So, given that some disadvantaged pupils do really well at school and some do not, perhaps the focus of the government’s plan should be tweaked. The limited new funds for tutoring could be better used for those pupils identified by their schools as having been hardest hit by lockdown, such as for the lowest attainers, whether they are disadvantaged or not.
However, the evidence for tutoring itself is not as robust as has sometimes been portrayed. Instead, the evidence suggests that almost any small group or individual work with struggling pupils can be effective, using a wide variety of catch-up interventions. The precise method used appears to be less important than the extra attention the child receives.
It is therefore good that (very limited) funding has also been promised for training and development to help teachers and early-years practitioners. Here the priority ought be training in how best to use research evidence. With limited funding to address what could be a massive challenge, schools and teachers will need to use that funding for maximum impact. And that means only using robustly evidence-led interventions.
Another issue is that the government seems to be overly focused on academic progress. However, lockdown will have led to some impoverishment of the experience of just about every pupil, socially and in terms of wider outcomes at school. Those who continued to attend school will have done so without their full cohort of peers, and in often bewildering and rather isolated circumstances.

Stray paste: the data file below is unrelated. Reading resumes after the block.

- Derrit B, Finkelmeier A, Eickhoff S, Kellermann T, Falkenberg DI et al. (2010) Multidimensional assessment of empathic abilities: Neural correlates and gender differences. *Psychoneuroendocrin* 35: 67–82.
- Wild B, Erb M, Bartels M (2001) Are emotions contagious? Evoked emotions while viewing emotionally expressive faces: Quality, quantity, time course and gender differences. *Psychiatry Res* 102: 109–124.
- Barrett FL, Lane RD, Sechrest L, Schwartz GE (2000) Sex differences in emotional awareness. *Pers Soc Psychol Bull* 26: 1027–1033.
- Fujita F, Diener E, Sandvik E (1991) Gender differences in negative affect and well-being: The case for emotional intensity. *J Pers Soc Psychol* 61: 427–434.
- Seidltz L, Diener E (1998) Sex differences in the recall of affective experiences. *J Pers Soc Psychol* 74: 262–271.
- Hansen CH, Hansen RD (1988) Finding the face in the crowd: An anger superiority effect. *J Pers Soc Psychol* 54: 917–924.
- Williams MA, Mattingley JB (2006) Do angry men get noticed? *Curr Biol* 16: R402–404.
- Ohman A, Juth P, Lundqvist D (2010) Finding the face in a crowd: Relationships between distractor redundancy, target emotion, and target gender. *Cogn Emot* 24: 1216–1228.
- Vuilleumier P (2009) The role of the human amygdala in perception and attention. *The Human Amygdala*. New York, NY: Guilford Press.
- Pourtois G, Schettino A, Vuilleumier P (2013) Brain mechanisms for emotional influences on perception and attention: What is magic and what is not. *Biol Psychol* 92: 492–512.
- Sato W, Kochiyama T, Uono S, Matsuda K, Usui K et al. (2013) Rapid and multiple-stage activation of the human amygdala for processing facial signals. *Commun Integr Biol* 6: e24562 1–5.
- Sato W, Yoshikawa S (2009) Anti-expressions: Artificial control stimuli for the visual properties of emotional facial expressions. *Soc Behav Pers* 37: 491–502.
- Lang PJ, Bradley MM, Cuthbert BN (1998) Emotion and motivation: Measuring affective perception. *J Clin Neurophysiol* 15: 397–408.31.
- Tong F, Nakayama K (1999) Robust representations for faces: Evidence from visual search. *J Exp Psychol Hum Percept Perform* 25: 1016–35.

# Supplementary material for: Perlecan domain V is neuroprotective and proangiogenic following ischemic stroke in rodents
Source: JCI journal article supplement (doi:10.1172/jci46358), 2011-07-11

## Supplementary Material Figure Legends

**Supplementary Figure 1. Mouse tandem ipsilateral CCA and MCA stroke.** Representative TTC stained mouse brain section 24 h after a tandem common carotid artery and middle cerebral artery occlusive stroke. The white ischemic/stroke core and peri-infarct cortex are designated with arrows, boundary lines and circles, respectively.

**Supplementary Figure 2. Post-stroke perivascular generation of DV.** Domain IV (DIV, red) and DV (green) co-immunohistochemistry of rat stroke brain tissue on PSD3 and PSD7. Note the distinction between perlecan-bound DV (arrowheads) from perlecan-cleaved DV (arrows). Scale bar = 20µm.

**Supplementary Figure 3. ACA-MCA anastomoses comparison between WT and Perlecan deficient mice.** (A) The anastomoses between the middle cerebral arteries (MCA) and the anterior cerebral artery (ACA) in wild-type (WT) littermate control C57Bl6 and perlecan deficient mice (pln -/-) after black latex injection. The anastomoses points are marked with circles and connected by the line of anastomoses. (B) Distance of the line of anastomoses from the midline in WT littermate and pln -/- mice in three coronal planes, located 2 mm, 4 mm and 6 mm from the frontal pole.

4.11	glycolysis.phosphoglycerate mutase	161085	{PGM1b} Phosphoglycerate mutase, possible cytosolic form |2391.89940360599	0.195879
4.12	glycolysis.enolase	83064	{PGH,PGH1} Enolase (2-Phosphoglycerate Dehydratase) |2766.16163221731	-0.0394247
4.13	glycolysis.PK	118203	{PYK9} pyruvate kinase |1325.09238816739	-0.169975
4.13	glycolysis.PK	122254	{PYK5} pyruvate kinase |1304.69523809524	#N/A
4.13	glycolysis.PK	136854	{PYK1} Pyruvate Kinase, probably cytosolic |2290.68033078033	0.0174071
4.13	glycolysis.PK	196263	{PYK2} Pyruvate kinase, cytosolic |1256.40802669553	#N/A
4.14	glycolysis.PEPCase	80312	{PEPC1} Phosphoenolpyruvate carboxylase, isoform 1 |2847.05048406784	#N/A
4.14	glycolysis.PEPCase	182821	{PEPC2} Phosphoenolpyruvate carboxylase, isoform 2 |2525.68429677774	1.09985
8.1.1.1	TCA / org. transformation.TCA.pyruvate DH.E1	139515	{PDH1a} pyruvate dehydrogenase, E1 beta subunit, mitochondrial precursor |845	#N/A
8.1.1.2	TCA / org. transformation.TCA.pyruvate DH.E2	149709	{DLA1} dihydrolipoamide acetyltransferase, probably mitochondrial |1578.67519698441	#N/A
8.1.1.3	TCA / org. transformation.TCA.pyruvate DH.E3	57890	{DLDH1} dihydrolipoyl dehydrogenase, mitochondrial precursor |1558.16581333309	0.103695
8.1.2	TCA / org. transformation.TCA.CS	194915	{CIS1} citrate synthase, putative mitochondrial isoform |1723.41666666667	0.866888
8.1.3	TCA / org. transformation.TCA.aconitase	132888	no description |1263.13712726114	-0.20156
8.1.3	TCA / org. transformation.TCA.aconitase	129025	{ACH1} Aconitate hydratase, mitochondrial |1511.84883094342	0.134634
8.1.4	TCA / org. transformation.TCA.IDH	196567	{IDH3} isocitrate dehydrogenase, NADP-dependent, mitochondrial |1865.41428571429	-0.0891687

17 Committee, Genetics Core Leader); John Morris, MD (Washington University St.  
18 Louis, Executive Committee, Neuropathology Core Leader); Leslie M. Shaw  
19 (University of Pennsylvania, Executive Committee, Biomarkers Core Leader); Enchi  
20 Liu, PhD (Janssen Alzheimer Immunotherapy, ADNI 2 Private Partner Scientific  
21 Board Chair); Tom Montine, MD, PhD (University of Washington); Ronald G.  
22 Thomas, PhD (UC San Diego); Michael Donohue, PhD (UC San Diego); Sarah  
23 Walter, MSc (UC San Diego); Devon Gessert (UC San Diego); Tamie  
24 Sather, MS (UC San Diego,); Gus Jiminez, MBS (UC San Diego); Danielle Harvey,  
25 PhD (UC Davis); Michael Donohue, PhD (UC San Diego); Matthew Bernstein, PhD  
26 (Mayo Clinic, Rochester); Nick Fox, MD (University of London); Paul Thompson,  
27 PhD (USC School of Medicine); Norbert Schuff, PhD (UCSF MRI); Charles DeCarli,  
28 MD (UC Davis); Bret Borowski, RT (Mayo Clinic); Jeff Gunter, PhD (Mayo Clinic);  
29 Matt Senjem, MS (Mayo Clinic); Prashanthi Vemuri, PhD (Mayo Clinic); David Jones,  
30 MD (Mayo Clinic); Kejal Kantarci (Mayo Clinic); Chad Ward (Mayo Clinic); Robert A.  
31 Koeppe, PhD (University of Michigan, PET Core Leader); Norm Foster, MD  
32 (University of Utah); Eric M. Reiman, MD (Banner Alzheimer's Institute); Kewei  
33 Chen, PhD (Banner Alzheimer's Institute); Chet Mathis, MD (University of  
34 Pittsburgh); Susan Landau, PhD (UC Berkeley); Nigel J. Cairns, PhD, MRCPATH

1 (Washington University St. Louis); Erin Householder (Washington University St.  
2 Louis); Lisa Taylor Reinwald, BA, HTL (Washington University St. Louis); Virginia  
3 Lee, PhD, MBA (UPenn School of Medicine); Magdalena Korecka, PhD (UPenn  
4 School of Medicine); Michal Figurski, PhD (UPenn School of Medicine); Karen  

Some of those who were at home may have spent part of lockdown in their garden, reading and playing with siblings. Others could have been stuck inside with only their parents.
All of these pupils would benefit from a school curriculum that involved enriching activities and communal endeavours, that encouraged them to make friends and try new things. The plans announced by the government do not cover such things, and the £1.4 billion would not nearly finance it anyway. The sum is a mere fraction of what observers say is needed to properly address the problem facing pupils. This discrepancy appears to lie behind the reported resignation of Kevan Collins, the official appointed by the government to deal with the catch-up.
For many children, as for many adults, these past 15 months have been a lonely and frightening time. Some will have fallen ill themselves. Some will have lost friends and close relatives. Not attending school as usual may have worsened this situation, as it will for adults unable to attend their workplace or other haunts.
It would be good to see the government produce a plan to help on this level. Mental health was partly addressed by the government’s earlier commitment of £1.7 billion. But such problems are not largely educational in nature, and so do not form a natural part of any school recovery or catch-up plan.
More than anything, many pupils, their families, teachers and schools probably just want things to settle down. They want rules about attendance to stabilise and clarity about upcoming public exams and assessments. Perhaps getting this right should be the government’s immediate priority.